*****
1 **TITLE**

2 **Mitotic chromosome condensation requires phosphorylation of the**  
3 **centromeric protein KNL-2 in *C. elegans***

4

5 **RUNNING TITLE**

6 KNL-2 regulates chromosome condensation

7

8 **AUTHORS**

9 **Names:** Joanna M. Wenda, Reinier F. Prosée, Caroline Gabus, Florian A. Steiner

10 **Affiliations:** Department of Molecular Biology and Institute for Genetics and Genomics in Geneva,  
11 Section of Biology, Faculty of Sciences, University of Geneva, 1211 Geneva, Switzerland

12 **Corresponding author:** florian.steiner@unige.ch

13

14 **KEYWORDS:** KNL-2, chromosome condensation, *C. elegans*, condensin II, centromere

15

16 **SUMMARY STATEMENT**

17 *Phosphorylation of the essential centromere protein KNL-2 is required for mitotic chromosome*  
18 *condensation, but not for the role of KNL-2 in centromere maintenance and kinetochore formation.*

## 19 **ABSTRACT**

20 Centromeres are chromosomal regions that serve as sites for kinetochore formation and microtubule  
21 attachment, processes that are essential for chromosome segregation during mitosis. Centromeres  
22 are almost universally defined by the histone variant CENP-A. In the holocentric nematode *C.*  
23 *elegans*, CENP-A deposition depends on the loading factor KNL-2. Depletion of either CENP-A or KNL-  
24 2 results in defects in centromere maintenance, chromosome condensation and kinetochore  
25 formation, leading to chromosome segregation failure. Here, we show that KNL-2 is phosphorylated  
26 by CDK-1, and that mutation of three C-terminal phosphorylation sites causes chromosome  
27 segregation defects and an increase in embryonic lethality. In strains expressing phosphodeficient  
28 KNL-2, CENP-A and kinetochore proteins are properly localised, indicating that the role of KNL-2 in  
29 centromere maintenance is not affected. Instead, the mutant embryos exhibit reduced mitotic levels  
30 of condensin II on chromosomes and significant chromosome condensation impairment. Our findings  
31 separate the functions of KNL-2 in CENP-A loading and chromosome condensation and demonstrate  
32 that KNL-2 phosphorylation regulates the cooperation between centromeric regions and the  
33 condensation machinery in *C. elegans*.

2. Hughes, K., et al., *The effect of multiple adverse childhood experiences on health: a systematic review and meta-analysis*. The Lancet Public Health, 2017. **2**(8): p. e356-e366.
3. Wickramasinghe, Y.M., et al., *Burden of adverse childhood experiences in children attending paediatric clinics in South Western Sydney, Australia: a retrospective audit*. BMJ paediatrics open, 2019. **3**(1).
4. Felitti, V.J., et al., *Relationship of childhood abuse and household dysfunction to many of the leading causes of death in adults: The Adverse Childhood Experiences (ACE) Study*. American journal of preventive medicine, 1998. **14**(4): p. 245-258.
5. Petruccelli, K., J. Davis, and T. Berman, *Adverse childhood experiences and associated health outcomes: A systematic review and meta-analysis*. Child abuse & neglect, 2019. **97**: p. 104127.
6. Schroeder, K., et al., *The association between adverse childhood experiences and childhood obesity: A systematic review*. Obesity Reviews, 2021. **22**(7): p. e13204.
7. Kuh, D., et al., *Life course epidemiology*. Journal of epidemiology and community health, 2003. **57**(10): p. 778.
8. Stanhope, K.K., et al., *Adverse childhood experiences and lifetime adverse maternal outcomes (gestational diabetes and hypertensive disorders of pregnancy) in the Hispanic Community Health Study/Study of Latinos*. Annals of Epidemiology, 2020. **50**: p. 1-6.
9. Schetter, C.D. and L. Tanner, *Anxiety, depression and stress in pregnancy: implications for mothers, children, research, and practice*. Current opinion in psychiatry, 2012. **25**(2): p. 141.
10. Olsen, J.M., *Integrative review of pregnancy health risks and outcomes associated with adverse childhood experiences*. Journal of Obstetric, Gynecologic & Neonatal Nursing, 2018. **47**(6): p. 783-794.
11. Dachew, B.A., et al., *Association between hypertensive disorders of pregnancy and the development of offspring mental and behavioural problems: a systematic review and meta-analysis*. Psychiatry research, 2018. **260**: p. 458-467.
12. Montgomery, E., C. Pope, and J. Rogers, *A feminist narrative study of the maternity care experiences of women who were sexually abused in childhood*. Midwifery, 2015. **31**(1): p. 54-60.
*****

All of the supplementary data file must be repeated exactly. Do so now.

1 **TITLE**

2 **Mitotic chromosome condensation requires phosphorylation of the**  
3 **centromeric protein KNL-2 in *C. elegans***

4

5 **RUNNING TITLE**

6 KNL-2 regulates chromosome condensation

7

8 **AUTHORS**

9 **Names:** Joanna M. Wenda, Reinier F. Prosée, Caroline Gabus, Florian A. Steiner

10 **Affiliations:** Department of Molecular Biology and Institute for Genetics and Genomics in Geneva,  
11 Section of Biology, Faculty of Sciences, University of Geneva, 1211 Geneva, Switzerland

12 **Corresponding author:** florian.steiner@unige.ch

13

14 **KEYWORDS:** KNL-2, chromosome condensation, *C. elegans*, condensin II, centromere

15

16 **SUMMARY STATEMENT**

17 *Phosphorylation of the essential centromere protein KNL-2 is required for mitotic chromosome*  
18 *condensation, but not for the role of KNL-2 in centromere maintenance and kinetochore formation.*

## 19 **ABSTRACT**

20 Centromeres are chromosomal regions that serve as sites for kinetochore formation and microtubule  
21 attachment, processes that are essential for chromosome segregation during mitosis. Centromeres  
22 are almost universally defined by the histone variant CENP-A. In the holocentric nematode *C.*  
23 *elegans*, CENP-A deposition depends on the loading factor KNL-2. Depletion of either CENP-A or KNL-  
24 2 results in defects in centromere maintenance, chromosome condensation and kinetochore  
25 formation, leading to chromosome segregation failure. Here, we show that KNL-2 is phosphorylated  
26 by CDK-1, and that mutation of three C-terminal phosphorylation sites causes chromosome  
27 segregation defects and an increase in embryonic lethality. In strains expressing phosphodeficient  
28 KNL-2, CENP-A and kinetochore proteins are properly localised, indicating that the role of KNL-2 in  
29 centromere maintenance is not affected. Instead, the mutant embryos exhibit reduced mitotic levels  
30 of condensin II on chromosomes and significant chromosome condensation impairment. Our findings  
31 separate the functions of KNL-2 in CENP-A loading and chromosome condensation and demonstrate  
32 that KNL-2 phosphorylation regulates the cooperation between centromeric regions and the  
33 condensation machinery in *C. elegans*.

2. Hughes, K., et al., *The effect of multiple adverse childhood experiences on health: a systematic review and meta-analysis*. The Lancet Public Health, 2017. **2**(8): p. e356-e366.
3. Wickramasinghe, Y.M., et al., *Burden of adverse childhood experiences in children attending paediatric clinics in South Western Sydney, Australia: a retrospective audit*. BMJ paediatrics open, 2019. **3**(1).
4. Felitti, V.J., et al., *Relationship of childhood abuse and household dysfunction to many of the leading causes of death in adults: The Adverse Childhood Experiences (ACE) Study*. American journal of preventive medicine, 1998. **14**(4): p. 245-258.
5. Petruccelli, K., J. Davis, and T. Berman, *Adverse childhood experiences and associated health outcomes: A systematic review and meta-analysis*. Child abuse & neglect, 2019. **97**: p. 104127.
6. Schroeder, K., et al., *The association between adverse childhood experiences and childhood obesity: A systematic review*. Obesity Reviews, 2021. **22**(7): p. e13204.
7. Kuh, D., et al., *Life course epidemiology*. Journal of epidemiology and community health, 2003. **57**(10): p. 778.
8. Stanhope, K.K., et al., *Adverse childhood experiences and lifetime adverse maternal outcomes (gestational diabetes and hypertensive disorders of pregnancy) in the Hispanic Community Health Study/Study of Latinos*. Annals of Epidemiology, 2020. **50**: p. 1-6.
9. Schetter, C.D. and L. Tanner, *Anxiety, depression and stress in pregnancy: implications for mothers, children, research, and practice*. Current opinion in psychiatry, 2012. **25**(2): p. 141.
10. Olsen, J.M., *Integrative review of pregnancy health risks and outcomes associated with adverse childhood experiences*. Journal of Obstetric, Gynecologic & Neonatal Nursing, 2018. **47**(6): p. 783-794.
11. Dachew, B.A., et al., *Association between hypertensive disorders of pregnancy and the development of offspring mental and behavioural problems: a systematic review and meta-analysis*. Psychiatry research, 2018. **260**: p. 458-467.
12. Montgomery, E., C. Pope, and J. Rogers, *A feminist narrative study of the maternity care experiences of women who were sexually abused in childhood*. Midwifery, 2015. **31**(1): p. 54-60.